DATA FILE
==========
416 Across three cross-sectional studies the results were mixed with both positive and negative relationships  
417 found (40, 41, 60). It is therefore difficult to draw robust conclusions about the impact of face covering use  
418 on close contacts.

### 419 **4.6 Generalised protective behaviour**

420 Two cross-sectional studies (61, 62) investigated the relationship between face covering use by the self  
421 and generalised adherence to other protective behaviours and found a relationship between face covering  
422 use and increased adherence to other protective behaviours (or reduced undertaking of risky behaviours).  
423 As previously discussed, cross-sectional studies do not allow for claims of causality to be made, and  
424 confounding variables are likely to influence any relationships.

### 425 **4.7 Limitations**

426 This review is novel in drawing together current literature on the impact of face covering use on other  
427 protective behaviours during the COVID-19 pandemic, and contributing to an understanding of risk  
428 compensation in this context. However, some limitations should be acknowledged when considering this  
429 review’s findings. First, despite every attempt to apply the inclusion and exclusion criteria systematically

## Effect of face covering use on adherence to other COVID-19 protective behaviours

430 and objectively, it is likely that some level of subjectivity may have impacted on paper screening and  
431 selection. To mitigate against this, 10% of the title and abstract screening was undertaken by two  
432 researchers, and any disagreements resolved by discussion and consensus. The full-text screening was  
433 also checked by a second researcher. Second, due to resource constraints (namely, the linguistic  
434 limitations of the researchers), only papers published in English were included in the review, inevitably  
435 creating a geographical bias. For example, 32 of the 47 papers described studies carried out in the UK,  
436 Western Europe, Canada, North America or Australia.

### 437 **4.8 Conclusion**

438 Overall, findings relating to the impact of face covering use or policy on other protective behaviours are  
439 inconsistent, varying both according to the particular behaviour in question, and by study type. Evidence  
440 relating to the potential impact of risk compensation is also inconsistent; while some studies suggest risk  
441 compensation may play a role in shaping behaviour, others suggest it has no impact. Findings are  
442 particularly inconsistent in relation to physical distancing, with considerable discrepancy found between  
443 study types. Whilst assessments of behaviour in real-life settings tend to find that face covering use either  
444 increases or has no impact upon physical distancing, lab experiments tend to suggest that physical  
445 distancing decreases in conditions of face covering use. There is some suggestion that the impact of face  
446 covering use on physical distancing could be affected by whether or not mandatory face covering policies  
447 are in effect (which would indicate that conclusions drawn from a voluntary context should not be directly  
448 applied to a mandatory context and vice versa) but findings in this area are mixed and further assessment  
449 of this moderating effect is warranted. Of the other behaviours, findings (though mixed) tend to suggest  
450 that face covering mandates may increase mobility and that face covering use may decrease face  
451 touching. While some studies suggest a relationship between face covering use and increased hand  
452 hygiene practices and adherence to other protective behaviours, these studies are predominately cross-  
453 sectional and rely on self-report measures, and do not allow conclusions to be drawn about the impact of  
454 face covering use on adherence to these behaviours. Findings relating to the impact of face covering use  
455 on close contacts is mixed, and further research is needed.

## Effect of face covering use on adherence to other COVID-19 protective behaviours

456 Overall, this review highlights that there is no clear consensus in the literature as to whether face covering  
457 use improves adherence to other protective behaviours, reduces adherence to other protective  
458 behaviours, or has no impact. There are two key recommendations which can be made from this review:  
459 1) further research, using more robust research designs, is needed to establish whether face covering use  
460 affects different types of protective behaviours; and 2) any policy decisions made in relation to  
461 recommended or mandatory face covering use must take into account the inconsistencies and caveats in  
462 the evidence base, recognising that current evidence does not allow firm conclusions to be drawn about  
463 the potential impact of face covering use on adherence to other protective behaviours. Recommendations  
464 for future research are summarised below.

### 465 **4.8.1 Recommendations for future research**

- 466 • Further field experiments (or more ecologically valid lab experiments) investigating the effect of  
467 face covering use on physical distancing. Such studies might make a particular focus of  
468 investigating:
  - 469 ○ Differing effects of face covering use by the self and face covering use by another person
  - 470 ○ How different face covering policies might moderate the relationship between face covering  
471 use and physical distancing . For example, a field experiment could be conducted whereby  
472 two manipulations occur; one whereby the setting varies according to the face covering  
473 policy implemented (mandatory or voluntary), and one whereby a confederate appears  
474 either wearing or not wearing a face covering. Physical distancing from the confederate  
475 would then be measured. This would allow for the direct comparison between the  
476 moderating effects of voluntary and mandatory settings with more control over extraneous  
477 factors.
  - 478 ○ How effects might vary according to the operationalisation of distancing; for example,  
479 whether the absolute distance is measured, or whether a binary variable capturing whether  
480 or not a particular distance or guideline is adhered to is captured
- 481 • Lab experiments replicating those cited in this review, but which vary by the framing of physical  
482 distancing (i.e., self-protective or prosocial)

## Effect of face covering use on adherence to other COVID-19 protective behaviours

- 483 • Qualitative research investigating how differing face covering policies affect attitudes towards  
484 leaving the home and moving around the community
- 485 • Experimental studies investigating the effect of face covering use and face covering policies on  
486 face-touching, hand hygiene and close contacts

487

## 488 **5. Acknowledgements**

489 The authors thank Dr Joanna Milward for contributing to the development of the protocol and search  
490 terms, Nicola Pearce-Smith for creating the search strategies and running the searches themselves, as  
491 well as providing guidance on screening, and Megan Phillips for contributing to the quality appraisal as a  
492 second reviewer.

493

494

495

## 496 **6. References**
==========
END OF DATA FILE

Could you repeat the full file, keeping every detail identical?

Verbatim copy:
416 Across three cross-sectional studies the results were mixed with both positive and negative relationships  
417 found (40, 41, 60). It is therefore difficult to draw robust conclusions about the impact of face covering use  
418 on close contacts.

### 419 **4.6 Generalised protective behaviour**

420 Two cross-sectional studies (61, 62) investigated the relationship between face covering use by the self  
421 and generalised adherence to other protective behaviours and found a relationship between face covering  
422 use and increased adherence to other protective behaviours (or reduced undertaking of risky behaviours).  
423 As previously discussed, cross-sectional studies do not allow for claims of causality to be made, and  
424 confounding variables are likely to influence any relationships.

### 425 **4.7 Limitations**

426 This review is novel in drawing together current literature on the impact of face covering use on other  
427 protective behaviours during the COVID-19 pandemic, and contributing to an understanding of risk  
428 compensation in this context. However, some limitations should be acknowledged when considering this  
429 review’s findings. First, despite every attempt to apply the inclusion and exclusion criteria systematically

## Effect of face covering use on adherence to other COVID-19 protective behaviours

430 and objectively, it is likely that some level of subjectivity may have impacted on paper screening and  
431 selection. To mitigate against this, 10% of the title and abstract screening was undertaken by two  
432 researchers, and any disagreements resolved by discussion and consensus. The full-text screening was  
433 also checked by a second researcher. Second, due to resource constraints (namely, the linguistic  
434 limitations of the researchers), only papers published in English were included in the review, inevitably  
435 creating a geographical bias. For example, 32 of the 47 papers described studies carried out in the UK,  
436 Western Europe, Canada, North America or Australia.

### 437 **4.8 Conclusion**

438 Overall, findings relating to the impact of face covering use or policy on other protective behaviours are  
439 inconsistent, varying both according to the particular behaviour in question, and by study type. Evidence  
440 relating to the potential impact of risk compensation is also inconsistent; while some studies suggest risk  
441 compensation may play a role in shaping behaviour, others suggest it has no impact. Findings are  
442 particularly inconsistent in relation to physical distancing, with considerable discrepancy found between  
443 study types. Whilst assessments of behaviour in real-life settings tend to find that face covering use either  
444 increases or has no impact upon physical distancing, lab experiments tend to suggest that physical  
445 distancing decreases in conditions of face covering use. There is some suggestion that the impact of face  
446 covering use on physical distancing could be affected by whether or not mandatory face covering policies  
447 are in effect (which would indicate that conclusions drawn from a voluntary context should not be directly  
448 applied to a mandatory context and vice versa) but findings in this area are mixed and further assessment  
449 of this moderating effect is warranted. Of the other behaviours, findings (though mixed) tend to suggest  
450 that face covering mandates may increase mobility and that face covering use may decrease face  
451 touching. While some studies suggest a relationship between face covering use and increased hand  
452 hygiene practices and adherence to other protective behaviours, these studies are predominately cross-  
453 sectional and rely on self-report measures, and do not allow conclusions to be drawn about the impact of  
454 face covering use on adherence to these behaviours. Findings relating to the impact of face covering use  
455 on close contacts is mixed, and further research is needed.

## Effect of face covering use on adherence to other COVID-19 protective behaviours

456 Overall, this review highlights that there is no clear consensus in the literature as to whether face covering  
457 use improves adherence to other protective behaviours, reduces adherence to other protective  
458 behaviours, or has no impact. There are two key recommendations which can be made from this review:  
459 1) further research, using more robust research designs, is needed to establish whether face covering use  
460 affects different types of protective behaviours; and 2) any policy decisions made in relation to  
461 recommended or mandatory face covering use must take into account the inconsistencies and caveats in  
462 the evidence base, recognising that current evidence does not allow firm conclusions to be drawn about  
463 the potential impact of face covering use on adherence to other protective behaviours. Recommendations  
464 for future research are summarised below.

### 465 **4.8.1 Recommendations for future research**

- 466 • Further field experiments (or more ecologically valid lab experiments) investigating the effect of  
467 face covering use on physical distancing. Such studies might make a particular focus of  
468 investigating:
  - 469 ○ Differing effects of face covering use by the self and face covering use by another person
  - 470 ○ How different face covering policies might moderate the relationship between face covering  
471 use and physical distancing . For example, a field experiment could be conducted whereby  
472 two manipulations occur; one whereby the setting varies according to the face covering  
473 policy implemented (mandatory or voluntary), and one whereby a confederate appears  
474 either wearing or not wearing a face covering. Physical distancing from the confederate  
475 would then be measured. This would allow for the direct comparison between the  
476 moderating effects of voluntary and mandatory settings with more control over extraneous  
477 factors.
  - 478 ○ How effects might vary according to the operationalisation of distancing; for example,  
479 whether the absolute distance is measured, or whether a binary variable capturing whether  
480 or not a particular distance or guideline is adhered to is captured
- 481 • Lab experiments replicating those cited in this review, but which vary by the framing of physical  
482 distancing (i.e., self-protective or prosocial)

## Effect of face covering use on adherence to other COVID-19 protective behaviours

- 483 • Qualitative research investigating how differing face covering policies affect attitudes towards  
484 leaving the home and moving around the community
- 485 • Experimental studies investigating the effect of face covering use and face covering policies on  
486 face-touching, hand hygiene and close contacts

487

## 488 **5. Acknowledgements**

489 The authors thank Dr Joanna Milward for contributing to the development of the protocol and search  
490 terms, Nicola Pearce-Smith for creating the search strategies and running the searches themselves, as  
491 well as providing guidance on screening, and Megan Phillips for contributing to the quality appraisal as a  
492 second reviewer.

493

494

495

## 496 **6. References**